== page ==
When different World Scoop sports are competing for investment and advertising, it is interesting to see how they rank in terms of popularity. Various criteria have been used to measure popularity, such as TV audience, attendance figures, and revenue earner. So which sport is the world’s favorite? The answer after an examination of all of the criteria is self-evident; soccer is king. But what is the world’s second favorite? That honor goes to cricket, followed by basketball in third place.
It has the giant fan following across the globe, varying from rich to poor and young to old. The game is Chinese in origin and was developed by the English. It is played in 208 nations with a fan following as the number 1 sport in 93 countries with a combined population of 2 billion people. It is amongst the top 3 popular sports in 100 countries with 3 billion people. It is the world’s richest sport and can be played by rich and poor alike. Domestic leagues in Europe value over $30 billion, and other leagues total another $10 billion.
The soccer World Cup can boost the host country’s economy by upwards of $10 billion (except in developing countries) (Bleacher Report- Most Popular Team Sports: Soccer & Cricket, Basketball & Baseball; by Amrit Dooley, May 7, 2009). There are different types of soccer, namely, futsal or indoor soccer and beach soccer, which help broaden its appeal. And there is women’s soccer which has expanded since the 1990s and also has World Cup competitions.
The second most popular sport in the world. It is the most popular sport in 20 countries with a combined population of 1.6 billion and is among the top 3 sports in 10 nations with a population above 200 million. The cricket World Cup is the second-largest sporting event in the world with a cumulative TV audience of 5 billion people. The Board of Control of Cricket in India is the wealthiest sporting organization in the world, valued more than $2 billion. (Bleacher
Report – Most Popular Team Sports etc.). Cricket comprises Twenty 20, the three-hours 20 over a side format, along with One Day Internationals 50 over a side and Test matches (the traditional form) of up to 5 days. The game was invented in England sometime in the 17th century and exported to the colonies by the colonists in the 18th century.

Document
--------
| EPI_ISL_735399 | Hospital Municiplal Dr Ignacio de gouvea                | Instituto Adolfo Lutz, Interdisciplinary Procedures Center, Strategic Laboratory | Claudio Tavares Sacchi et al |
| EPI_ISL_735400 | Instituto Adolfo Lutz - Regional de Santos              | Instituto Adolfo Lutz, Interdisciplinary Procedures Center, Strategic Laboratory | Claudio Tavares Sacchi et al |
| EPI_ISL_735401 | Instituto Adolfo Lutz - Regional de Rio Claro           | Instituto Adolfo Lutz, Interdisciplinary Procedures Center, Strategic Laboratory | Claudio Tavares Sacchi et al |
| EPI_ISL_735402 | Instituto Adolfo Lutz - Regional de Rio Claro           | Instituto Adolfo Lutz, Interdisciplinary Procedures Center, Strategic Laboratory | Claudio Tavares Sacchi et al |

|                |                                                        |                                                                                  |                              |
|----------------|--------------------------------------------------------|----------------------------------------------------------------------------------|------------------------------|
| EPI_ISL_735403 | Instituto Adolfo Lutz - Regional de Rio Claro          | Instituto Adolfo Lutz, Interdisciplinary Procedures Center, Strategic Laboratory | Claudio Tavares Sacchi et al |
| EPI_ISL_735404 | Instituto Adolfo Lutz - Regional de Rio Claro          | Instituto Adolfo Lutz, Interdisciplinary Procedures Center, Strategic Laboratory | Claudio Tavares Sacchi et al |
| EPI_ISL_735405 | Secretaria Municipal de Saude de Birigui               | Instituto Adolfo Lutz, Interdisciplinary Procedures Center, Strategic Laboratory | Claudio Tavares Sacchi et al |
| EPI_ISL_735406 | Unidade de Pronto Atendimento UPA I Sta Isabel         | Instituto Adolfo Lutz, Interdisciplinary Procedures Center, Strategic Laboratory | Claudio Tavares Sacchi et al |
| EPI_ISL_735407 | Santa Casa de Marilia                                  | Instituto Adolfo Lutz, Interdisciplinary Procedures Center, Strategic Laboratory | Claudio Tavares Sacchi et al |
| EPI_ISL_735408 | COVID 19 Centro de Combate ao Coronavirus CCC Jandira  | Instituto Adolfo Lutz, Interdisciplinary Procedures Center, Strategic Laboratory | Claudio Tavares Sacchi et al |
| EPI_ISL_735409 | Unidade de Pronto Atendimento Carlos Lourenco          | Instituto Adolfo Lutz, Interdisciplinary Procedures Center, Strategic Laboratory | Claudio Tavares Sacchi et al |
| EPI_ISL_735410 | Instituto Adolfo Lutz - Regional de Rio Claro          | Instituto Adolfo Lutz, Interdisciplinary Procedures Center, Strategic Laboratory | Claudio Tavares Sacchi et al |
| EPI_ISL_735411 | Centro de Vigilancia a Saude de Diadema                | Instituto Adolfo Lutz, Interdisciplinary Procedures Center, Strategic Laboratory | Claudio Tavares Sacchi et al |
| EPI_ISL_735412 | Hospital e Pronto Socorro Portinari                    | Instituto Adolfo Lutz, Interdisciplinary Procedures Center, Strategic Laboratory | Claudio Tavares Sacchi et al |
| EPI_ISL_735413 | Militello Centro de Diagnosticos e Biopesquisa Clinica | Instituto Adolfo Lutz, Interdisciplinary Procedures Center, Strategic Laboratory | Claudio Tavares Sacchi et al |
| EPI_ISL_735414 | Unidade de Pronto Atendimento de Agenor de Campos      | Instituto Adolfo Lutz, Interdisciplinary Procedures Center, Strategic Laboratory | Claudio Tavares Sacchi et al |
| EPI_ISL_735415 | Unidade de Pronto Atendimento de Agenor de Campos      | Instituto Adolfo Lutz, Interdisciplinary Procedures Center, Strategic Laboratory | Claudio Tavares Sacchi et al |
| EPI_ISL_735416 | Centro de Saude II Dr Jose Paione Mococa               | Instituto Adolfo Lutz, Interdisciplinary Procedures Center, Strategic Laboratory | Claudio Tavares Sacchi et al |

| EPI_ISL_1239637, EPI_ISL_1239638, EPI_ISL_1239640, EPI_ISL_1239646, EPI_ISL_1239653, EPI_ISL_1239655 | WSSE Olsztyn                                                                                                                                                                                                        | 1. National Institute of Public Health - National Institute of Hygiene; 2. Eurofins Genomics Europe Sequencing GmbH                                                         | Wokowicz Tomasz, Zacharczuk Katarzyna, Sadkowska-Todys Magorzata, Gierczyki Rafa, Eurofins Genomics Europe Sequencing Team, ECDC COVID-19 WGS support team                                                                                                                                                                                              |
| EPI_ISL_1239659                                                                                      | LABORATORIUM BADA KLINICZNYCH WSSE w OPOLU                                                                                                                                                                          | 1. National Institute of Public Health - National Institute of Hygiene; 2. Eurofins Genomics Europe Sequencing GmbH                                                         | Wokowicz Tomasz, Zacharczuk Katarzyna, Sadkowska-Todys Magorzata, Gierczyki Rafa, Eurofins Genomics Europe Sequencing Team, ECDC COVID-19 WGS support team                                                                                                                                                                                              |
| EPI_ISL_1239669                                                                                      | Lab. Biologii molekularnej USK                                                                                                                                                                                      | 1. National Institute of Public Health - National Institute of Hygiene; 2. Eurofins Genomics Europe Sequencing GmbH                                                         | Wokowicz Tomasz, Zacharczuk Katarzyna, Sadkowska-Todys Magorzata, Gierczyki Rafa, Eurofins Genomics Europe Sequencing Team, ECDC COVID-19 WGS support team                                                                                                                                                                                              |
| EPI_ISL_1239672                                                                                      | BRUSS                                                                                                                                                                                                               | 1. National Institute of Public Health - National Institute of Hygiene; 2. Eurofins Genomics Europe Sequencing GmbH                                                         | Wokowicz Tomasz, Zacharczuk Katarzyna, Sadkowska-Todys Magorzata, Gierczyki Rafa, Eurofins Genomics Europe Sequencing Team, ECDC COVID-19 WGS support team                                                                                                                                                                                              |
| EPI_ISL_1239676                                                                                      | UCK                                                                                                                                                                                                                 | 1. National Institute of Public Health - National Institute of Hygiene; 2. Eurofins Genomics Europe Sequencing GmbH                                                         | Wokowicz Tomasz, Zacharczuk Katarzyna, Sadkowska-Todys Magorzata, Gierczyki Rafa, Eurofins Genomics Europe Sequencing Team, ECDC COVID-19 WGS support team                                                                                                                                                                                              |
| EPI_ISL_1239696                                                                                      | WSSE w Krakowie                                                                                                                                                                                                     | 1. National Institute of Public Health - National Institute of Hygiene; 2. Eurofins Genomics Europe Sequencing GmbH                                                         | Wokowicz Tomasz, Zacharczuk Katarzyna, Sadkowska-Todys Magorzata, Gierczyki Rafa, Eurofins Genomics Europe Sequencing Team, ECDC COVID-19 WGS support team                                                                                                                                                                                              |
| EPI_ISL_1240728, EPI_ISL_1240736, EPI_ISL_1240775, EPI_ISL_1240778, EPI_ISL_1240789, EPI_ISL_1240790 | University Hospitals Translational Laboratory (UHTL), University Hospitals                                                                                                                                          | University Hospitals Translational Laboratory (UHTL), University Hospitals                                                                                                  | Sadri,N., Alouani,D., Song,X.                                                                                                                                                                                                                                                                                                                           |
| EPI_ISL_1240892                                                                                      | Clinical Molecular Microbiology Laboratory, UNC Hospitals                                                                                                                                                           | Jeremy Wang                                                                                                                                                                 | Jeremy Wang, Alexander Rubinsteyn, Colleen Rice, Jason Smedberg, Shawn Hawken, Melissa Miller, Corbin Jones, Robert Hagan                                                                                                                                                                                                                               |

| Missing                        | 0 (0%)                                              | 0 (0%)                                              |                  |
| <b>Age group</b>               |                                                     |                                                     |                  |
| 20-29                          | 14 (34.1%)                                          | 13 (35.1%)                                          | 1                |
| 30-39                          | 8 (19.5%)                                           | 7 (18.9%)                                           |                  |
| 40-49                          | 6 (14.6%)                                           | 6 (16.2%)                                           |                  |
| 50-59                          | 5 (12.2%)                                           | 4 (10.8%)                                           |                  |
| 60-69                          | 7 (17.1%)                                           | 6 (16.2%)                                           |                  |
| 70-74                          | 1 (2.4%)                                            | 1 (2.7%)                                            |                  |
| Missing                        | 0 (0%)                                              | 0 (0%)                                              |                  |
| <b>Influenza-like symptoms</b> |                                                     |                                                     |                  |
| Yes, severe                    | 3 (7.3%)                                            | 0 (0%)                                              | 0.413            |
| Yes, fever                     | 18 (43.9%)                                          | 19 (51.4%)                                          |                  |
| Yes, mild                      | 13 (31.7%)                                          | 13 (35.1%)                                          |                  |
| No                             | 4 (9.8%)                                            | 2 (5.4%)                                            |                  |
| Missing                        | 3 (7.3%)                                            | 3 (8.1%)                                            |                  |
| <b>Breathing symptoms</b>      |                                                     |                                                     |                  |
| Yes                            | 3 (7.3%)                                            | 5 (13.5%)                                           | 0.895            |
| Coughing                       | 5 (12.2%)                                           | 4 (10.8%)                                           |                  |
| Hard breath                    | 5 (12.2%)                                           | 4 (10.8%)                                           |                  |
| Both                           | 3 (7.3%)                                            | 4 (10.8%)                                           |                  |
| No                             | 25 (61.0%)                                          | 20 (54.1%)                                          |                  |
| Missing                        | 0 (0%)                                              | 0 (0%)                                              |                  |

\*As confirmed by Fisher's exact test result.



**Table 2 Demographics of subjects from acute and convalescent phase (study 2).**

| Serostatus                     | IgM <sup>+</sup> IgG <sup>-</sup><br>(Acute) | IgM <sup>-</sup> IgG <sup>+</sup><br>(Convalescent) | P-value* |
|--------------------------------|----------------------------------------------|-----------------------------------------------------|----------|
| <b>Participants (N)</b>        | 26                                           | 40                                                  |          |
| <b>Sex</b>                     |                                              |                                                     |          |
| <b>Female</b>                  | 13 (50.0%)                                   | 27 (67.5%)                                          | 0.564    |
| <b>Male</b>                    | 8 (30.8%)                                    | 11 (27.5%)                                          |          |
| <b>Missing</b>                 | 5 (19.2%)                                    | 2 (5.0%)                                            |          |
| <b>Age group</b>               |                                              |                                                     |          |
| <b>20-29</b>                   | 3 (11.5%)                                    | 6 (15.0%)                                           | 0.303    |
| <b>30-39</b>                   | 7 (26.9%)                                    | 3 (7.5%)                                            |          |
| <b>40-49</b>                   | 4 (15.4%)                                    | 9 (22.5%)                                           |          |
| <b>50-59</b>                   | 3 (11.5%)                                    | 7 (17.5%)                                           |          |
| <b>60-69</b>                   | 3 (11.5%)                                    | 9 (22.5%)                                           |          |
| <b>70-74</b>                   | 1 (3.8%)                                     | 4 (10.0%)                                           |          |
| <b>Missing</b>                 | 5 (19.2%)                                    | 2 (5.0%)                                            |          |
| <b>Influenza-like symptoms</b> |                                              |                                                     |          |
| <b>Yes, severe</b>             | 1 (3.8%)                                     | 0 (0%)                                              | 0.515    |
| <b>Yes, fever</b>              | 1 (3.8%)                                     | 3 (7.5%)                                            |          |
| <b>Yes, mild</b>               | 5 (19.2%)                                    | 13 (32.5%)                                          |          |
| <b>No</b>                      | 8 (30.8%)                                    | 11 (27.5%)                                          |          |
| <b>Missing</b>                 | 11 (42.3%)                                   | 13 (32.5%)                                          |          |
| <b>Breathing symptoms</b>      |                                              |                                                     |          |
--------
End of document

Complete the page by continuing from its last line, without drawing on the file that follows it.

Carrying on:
The controllers of cricket have a lot to be proud of. It ranks second in spite of the fact that (1) it is only played in the British Commonwealth countries namely, West Indies, England, Australia, India, Pakistan, South Africa and New Zealand, and (2) in some of these countries some people were excluded from the game at various times for reasons of race and class.
Nevertheless, cricket was still able to survive to become the second most popular sport. This is well illustrated by looking at the development of the game in some of these countries:-
English cricket has historically involved issues of class. Teams originally consisted of amateurs (gentlemen) who belonged to the upper and middle classes and professionals (players) working class. Cricket had progressed since the days when the gentlemen dominated the game. Innovations such as Twenty 20 cricket and programs to encourage cricket in state schools like “Chance to Shine” and inner-city schemes have helped to broaden the game’s appeal. Nevertheless, cricket in England is a middle-class sport (still referred to as the “Gentleman’s game”).
Thousands of schoolchildren do not get the chance to play cricket with lingering prejudices and preconceptions putting off much more. Cricket is only played regularly in only 10% of English state schools and is only the sixth most popular sport. On the other hand, practically all private schools offer regular cricket with excellent facilities and coaches. Up to the age of 16, about 93 % of children in the United Kingdom go to state schools, so it is clear that too many young people are missing out. This lack of opportunity has filtered through to the national team. Today, over ¾ of the Test squad were educated at independent schools (English Cricket and The Class Barrier, April 9, 2013, by Andrew Thorpe-Apps).
(b) West Indies
The English colonists introduced cricket in the 17th century. They played the game amongst themselves, and the slaves were relegated to being mere spectators in the surrounding cane fields where they worked. If the ball were hit into the cane field, the slaves would retrieve it, and to impress their master, the slave would try to throw it back as fast and accurately as possible. Sometimes a slave would catch the eye of the master, who would invite him to field near the boundary line and retrieve balls that were hit to the boundary. After slavery was abolished in 1838, blacks were sometimes asked to play a limited role as a fast bowlers to utilize their physical strength. This situation continued until the arrival of Learie Constantine (later Sir Learie Constantine) in the 1920s.
Learie Constantine was a pioneer in that he was a black all-rounder who could bat, bowl, field, and have a deep knowledge of the game. He disproved the myth that blacks could only play with their physical strength and not with their heads. This paved the way for more blacks in the West Indies team and the appointment of Frank Worrell (later Sir Frank Worrell) in 1960 as the first black West Indian captain. The influx of blacks into West Indian cricket raised the fortune of the national team, which went on to become world champions in the 1980s and 1990’s and enhanced the attractiveness of the game.
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